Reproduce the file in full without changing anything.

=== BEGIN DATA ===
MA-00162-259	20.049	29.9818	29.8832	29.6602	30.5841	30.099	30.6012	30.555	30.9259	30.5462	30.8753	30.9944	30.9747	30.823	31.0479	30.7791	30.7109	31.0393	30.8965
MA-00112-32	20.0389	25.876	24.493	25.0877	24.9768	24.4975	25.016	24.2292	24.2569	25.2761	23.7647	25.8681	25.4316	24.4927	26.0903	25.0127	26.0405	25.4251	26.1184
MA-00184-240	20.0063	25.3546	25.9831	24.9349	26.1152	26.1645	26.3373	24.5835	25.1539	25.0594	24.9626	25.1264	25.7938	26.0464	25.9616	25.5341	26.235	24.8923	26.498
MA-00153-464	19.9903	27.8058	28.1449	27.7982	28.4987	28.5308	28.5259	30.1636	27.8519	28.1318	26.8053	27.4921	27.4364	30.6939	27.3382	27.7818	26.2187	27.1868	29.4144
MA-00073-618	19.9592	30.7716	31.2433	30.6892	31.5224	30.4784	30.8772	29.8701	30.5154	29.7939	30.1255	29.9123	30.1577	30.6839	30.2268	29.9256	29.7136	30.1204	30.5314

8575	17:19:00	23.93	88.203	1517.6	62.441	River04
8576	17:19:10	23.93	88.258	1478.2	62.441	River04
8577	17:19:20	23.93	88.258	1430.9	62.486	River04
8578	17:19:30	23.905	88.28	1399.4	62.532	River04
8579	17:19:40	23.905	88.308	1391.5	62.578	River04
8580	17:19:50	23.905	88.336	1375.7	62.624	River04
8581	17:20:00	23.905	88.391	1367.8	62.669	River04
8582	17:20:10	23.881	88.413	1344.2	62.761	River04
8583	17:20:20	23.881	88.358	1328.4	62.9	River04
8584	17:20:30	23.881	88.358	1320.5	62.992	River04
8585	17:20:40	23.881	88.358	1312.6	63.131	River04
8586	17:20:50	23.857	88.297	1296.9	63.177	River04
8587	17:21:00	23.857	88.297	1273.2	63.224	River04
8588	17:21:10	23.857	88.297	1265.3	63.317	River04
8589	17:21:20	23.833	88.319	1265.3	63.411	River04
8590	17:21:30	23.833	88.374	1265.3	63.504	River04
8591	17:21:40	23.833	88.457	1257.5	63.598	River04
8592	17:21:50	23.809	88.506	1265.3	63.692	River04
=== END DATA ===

MA-00162-259	20.049	29.9818	29.8832	29.6602	30.5841	30.099	30.6012	30.555	30.9259	30.5462	30.8753	30.9944	30.9747	30.823	31.0479	30.7791	30.7109	31.0393	30.8965
MA-00112-32	20.0389	25.876	24.493	25.0877	24.9768	24.4975	25.016	24.2292	24.2569	25.2761	23.7647	25.8681	25.4316	24.4927	26.0903	25.0127	26.0405	25.4251	26.1184
MA-00184-240	20.0063	25.3546	25.9831	24.9349	26.1152	26.1645	26.3373	24.5835	25.1539	25.0594	24.9626	25.1264	25.7938	26.0464	25.9616	25.5341	26.235	24.8923	26.498
MA-00153-464	19.9903	27.8058	28.1449	27.7982	28.4987	28.5308	28.5259	30.1636	27.8519	28.1318	26.8053	27.4921	27.4364	30.6939	27.3382	27.7818	26.2187	27.1868	29.4144
MA-00073-618	19.9592	30.7716	31.2433	30.6892	31.5224	30.4784	30.8772	29.8701	30.5154	29.7939	30.1255	29.9123	30.1577	30.6839	30.2268	29.9256	29.7136	30.1204	30.5314

8575	17:19:00	23.93	88.203	1517.6	62.441	River04
8576	17:19:10	23.93	88.258	1478.2	62.441	River04
8577	17:19:20	23.93	88.258	1430.9	62.486	River04
8578	17:19:30	23.905	88.28	1399.4	62.532	River04
8579	17:19:40	23.905	88.308	1391.5	62.578	River04
8580	17:19:50	23.905	88.336	1375.7	62.624	River04
8581	17:20:00	23.905	88.391	1367.8	62.669	River04
8582	17:20:10	23.881	88.413	1344.2	62.761	River04
8583	17:20:20	23.881	88.358	1328.4	62.9	River04
8584	17:20:30	23.881	88.358	1320.5	62.992	River04
8585	17:20:40	23.881	88.358	1312.6	63.131	River04
8586	17:20:50	23.857	88.297	1296.9	63.177	River04
8587	17:21:00	23.857	88.297	1273.2	63.224	River04
8588	17:21:10	23.857	88.297	1265.3	63.317	River04
8589	17:21:20	23.833	88.319	1265.3	63.411	River04
8590	17:21:30	23.833	88.374	1265.3	63.504	River04
8591	17:21:40	23.833	88.457	1257.5	63.598	River04
8592	17:21:50	23.809	88.506	1265.3	63.692	River04